While necessary for certain patients, there are also concerns about blood thinners.
Information about Blood Thinners
Patients with heart disease or certain blood vessel disorders could be prescribed blood thinners to reduce the risk of clots, strokes, and heart attacks. Sometimes blood thinners are advised for patients about to have heart valve surgery, for those with heart defects that are congenital, and for some with atrial fibrillation (heart rhythm that is abnormal). The two types of blood thinners are anticoagulants (warfarin or Coumadin, heparin) and antiplatelet medications (aspirin).1 There are new medications on the market that are meant as an alternative to warfarin. Pradaxa and Eliquis were approved to help patients avoid getting a stroke from their atrial fibrillation. Xarelto was approved by FDA to do the same thing, it can also lower blood clot risk after knee and hip replacements, and it is approved for use in patients with deep vein thrombosis and pulmonary embolisms. Deep vein thrombosis is a condition in which blood clots occur in the thigh and lower leg. Pulmonary embolism refers to a clot that travels to block blood flow in the lungs. If patients are “doing well on warfarin, there is no reason to take a more expensive drug”. The dosing of warfarin, however, varies due to age, medications taken, and diet. Too high of a dosage leads to dangerous bleeding risks, while too little does not prevent the stroke risk. Patients must engage in regular blood tests and monitor the amount of vitamin K they consume. Vitamin K is found in greens such as chard, spinach, and kale. Patients need to “keep the level [of these vitamin-K rich foods] constant, and at a fairly moderate level” so that their dosage of warfarin can be most effective.2 Plavix is another medication available, and it “keeps the platelets in your blood from…clotting”.3
Concerns and Warnings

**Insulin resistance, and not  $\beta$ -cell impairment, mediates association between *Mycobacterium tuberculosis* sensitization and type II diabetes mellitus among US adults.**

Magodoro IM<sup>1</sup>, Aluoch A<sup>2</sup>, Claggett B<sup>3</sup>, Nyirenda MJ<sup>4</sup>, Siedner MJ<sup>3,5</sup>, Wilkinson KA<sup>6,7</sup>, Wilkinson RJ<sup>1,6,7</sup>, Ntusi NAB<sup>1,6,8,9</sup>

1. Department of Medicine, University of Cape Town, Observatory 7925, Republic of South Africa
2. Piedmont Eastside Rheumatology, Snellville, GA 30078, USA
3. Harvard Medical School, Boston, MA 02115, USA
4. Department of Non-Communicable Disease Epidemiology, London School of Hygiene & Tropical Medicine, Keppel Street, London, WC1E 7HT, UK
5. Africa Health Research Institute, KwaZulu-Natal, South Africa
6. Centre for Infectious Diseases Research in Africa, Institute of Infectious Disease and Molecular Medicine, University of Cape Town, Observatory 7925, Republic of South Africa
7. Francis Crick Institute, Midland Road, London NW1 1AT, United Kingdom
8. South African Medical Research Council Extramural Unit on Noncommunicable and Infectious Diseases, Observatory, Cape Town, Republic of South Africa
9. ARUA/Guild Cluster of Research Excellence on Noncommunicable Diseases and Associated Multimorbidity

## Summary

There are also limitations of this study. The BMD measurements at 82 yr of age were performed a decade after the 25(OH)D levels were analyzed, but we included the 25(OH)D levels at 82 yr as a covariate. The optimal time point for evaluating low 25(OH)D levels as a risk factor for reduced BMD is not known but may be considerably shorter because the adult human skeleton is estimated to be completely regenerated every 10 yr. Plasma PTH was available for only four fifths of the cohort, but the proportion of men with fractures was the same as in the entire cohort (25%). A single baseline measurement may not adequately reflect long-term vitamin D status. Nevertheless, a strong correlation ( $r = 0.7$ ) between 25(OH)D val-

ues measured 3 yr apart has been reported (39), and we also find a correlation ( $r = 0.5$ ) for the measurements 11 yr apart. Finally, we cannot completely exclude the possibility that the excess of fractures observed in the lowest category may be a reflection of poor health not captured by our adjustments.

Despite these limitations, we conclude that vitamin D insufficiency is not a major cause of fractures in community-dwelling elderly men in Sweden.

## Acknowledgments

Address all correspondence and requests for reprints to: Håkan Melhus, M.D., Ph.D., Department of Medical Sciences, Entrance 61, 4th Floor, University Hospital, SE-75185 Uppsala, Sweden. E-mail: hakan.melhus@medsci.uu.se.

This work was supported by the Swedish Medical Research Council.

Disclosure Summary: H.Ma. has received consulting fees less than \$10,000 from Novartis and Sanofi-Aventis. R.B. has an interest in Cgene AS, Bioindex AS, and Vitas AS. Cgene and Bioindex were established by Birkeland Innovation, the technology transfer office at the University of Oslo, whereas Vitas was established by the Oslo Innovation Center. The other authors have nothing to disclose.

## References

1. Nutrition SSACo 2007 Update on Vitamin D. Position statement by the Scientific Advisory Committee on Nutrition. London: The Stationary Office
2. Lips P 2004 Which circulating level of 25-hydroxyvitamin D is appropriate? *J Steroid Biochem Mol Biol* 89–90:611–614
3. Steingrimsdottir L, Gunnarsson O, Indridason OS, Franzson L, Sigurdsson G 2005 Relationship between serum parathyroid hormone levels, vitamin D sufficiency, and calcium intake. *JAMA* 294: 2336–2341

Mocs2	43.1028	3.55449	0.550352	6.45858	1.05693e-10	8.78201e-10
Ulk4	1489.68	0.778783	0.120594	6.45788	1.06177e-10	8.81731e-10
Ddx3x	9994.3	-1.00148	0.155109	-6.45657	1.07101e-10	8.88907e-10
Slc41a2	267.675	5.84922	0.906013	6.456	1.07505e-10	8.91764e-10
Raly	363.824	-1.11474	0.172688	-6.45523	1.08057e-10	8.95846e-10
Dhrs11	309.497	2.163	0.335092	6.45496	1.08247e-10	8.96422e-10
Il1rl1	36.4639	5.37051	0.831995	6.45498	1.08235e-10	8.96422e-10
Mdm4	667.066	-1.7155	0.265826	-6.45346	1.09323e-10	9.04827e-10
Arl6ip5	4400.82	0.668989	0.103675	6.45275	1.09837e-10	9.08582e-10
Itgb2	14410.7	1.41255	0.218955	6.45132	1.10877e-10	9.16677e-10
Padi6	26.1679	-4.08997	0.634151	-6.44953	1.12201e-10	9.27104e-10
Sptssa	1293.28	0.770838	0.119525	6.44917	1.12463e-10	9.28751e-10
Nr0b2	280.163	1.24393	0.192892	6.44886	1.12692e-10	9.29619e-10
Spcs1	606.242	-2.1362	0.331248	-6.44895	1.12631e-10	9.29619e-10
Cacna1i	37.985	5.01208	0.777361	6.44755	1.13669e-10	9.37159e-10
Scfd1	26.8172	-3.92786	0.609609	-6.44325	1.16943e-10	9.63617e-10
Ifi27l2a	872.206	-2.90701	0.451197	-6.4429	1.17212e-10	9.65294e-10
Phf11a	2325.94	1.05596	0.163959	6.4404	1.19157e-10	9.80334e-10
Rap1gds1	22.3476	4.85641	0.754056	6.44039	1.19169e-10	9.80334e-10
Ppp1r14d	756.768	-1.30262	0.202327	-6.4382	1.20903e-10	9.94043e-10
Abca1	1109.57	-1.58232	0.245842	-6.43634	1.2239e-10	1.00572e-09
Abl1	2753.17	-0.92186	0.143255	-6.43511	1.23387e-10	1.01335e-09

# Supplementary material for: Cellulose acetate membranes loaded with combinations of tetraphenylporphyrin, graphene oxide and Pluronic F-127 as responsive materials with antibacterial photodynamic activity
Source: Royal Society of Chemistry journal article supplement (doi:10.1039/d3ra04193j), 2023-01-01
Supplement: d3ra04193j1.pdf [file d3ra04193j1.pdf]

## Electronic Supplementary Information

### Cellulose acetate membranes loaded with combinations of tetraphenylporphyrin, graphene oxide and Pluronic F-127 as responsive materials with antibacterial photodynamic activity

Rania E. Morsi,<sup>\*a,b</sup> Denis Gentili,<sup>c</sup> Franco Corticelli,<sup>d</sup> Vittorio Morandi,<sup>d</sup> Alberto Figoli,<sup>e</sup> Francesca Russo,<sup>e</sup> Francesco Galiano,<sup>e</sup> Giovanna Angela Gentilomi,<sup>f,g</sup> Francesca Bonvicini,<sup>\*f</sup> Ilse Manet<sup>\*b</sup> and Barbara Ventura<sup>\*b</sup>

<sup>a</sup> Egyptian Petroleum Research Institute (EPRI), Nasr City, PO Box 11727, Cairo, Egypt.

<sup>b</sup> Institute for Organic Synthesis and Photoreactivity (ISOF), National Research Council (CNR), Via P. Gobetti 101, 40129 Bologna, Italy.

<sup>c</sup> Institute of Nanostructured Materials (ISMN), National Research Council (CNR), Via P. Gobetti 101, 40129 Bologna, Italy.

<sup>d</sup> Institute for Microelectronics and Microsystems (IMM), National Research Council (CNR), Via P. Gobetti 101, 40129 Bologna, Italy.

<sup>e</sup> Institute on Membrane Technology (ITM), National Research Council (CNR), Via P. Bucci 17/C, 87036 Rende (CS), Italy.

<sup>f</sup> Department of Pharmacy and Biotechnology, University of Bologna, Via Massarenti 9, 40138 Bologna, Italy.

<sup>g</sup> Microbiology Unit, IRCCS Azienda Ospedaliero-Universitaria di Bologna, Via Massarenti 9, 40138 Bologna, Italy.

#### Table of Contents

One advantage of the newer medications is that “constant surveillance (and)…dietary issues go away”. Pradaxa, Eliquis, and Xarelto also have “lesser likelihood of bleeding that could be troublesome”. Warfarin carries a serious side effect of “bleeding into the brain”. There is also a disadvantage to the newer medications, besides cost: “there is no ‘antidote’ as there is with warfarin”. This means that if there is too much warfarin in the blood, patients can be given vitamin K. Only fresh plasma can help with “overshooting” the new drugs. Fresh plasma also carries risk. It is also important to remember that if the new medications are at high levels and a patient needs emergency surgery, bleeding risk increases.4 While blood thinners can be life-saving medications for certain patients, there are risks about excessive bleeding and bruising. Any head trauma or falls can lead to life-threatening bleeding, such as into the stomach or brain. Less seriously, there is “nuisance bleeding” associated with blood thinners, such as from skin tears, nosebleeds, or shaving cuts. Patients need to take precautionary measures, such as wearing gloves to do yard work, wearing a helmet for cycling, taking care when shaving, wearing shoes, and using a soft toothbrush. For the nuisance bleeding, there are special products such as specific types of wound dressings and bandages.5